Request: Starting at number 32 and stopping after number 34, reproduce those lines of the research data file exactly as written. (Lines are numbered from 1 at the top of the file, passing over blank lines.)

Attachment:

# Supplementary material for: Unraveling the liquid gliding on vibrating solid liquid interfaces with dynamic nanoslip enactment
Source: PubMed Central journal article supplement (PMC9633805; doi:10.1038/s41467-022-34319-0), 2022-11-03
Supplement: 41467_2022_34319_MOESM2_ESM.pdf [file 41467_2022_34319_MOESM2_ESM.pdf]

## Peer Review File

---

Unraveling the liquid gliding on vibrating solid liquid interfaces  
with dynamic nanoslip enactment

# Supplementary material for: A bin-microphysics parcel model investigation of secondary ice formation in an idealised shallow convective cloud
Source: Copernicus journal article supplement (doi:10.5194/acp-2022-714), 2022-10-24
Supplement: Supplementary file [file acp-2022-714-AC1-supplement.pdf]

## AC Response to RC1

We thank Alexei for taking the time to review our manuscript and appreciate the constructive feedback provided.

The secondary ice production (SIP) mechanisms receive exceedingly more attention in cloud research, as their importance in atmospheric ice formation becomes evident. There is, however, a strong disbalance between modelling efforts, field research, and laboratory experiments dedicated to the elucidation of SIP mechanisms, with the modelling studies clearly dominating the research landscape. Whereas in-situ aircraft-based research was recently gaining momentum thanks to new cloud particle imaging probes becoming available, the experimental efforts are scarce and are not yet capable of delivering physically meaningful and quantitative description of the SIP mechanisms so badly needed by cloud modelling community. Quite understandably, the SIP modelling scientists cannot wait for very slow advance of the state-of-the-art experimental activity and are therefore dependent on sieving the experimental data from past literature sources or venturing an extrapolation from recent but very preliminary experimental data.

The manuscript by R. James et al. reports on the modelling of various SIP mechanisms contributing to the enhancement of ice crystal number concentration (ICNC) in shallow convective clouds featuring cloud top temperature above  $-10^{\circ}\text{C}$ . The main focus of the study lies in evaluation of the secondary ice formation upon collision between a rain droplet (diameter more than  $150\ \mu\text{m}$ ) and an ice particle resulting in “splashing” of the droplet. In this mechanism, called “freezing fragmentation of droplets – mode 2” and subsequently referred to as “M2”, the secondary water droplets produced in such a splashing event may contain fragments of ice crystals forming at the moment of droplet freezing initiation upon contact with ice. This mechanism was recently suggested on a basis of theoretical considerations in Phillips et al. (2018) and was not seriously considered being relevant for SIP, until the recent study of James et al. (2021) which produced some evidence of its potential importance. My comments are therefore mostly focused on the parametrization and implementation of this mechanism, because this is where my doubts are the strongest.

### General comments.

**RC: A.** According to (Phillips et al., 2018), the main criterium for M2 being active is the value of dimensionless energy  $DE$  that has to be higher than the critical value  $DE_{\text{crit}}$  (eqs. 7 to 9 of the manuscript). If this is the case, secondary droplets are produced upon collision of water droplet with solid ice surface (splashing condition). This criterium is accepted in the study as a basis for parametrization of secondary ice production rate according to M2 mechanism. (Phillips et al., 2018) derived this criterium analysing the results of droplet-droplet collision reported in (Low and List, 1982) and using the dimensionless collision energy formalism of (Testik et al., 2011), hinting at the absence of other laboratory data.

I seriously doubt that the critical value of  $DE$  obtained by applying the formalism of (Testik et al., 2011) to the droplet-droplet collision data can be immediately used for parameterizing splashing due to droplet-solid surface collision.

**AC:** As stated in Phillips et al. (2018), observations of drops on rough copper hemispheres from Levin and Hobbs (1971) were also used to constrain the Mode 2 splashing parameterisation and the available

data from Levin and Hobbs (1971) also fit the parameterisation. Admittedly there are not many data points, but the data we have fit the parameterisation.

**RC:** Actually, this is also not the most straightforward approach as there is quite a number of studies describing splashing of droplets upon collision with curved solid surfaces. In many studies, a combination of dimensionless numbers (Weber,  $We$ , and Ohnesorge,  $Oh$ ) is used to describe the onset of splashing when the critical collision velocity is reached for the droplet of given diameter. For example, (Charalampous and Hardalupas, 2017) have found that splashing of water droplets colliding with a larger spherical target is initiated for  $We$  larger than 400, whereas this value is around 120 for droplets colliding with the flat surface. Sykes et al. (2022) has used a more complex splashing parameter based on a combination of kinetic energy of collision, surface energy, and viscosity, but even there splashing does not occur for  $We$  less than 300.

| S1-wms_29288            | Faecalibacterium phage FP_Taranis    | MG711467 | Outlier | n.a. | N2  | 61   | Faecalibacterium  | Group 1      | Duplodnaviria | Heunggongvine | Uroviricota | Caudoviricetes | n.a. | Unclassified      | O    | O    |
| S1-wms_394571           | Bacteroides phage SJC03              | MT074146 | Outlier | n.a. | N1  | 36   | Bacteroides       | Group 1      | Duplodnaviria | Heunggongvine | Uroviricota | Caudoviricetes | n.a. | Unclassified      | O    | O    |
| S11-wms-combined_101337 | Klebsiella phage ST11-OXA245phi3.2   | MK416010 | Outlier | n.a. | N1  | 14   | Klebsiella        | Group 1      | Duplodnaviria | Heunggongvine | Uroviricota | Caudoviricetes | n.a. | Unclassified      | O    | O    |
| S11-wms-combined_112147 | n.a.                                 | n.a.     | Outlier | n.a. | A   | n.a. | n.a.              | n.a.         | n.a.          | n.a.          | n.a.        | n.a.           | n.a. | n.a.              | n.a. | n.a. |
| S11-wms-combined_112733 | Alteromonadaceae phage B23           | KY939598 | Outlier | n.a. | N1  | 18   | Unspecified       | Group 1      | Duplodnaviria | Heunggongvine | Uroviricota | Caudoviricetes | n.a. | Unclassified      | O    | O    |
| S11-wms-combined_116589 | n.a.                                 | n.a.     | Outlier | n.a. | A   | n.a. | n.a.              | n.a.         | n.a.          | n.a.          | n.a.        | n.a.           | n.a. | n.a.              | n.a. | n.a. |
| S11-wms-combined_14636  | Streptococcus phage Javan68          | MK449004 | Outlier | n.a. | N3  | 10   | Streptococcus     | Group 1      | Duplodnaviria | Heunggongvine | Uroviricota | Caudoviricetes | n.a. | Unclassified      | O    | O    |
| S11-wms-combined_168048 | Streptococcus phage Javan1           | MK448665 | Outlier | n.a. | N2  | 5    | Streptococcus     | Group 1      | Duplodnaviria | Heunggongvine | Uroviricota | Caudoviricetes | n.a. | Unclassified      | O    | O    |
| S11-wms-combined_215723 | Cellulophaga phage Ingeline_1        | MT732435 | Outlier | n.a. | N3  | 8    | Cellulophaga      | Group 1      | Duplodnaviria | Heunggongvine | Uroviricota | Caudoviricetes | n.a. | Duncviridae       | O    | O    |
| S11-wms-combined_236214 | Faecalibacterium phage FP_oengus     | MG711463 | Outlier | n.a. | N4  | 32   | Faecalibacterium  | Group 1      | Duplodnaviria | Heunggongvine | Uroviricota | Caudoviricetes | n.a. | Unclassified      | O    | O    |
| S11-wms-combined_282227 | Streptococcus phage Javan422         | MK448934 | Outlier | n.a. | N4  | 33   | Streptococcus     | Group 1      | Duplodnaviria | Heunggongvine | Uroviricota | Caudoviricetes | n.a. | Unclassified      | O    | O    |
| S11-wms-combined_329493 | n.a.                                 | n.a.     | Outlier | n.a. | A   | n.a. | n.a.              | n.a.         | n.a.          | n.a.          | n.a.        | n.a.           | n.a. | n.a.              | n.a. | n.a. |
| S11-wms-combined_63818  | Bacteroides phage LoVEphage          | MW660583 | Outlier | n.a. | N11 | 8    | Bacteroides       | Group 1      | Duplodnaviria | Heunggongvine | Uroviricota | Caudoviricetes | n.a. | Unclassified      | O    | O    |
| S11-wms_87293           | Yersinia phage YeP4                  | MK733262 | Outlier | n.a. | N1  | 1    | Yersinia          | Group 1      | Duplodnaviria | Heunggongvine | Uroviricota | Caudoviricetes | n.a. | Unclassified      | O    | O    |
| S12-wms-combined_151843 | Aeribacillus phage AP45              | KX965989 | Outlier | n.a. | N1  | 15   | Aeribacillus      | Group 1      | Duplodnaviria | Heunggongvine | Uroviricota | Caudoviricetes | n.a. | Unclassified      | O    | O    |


| S11-wms-combined_329493 | n.a.                                 | n.a.     | Outlier | n.a. | A   | n.a. | n.a.              | n.a.         | n.a.          | n.a.          | n.a.        | n.a.           | n.a. | n.a.              | n.a. | n.a. |
| S11-wms-combined_63818  | Bacteroides phage LoVEphage          | MW660583 | Outlier | n.a. | N11 | 8    | Bacteroides       | Group 1      | Duplodnaviria | Heunggongvine | Uroviricota | Caudoviricetes | n.a. | Unclassified      | O    | O    |
| S11-wms_87293           | Yersinia phage YeP4                  | MK733262 | Outlier | n.a. | N1  | 1    | Yersinia          | Group 1      | Duplodnaviria | Heunggongvine | Uroviricota | Caudoviricetes | n.a. | Unclassified      | O    | O    |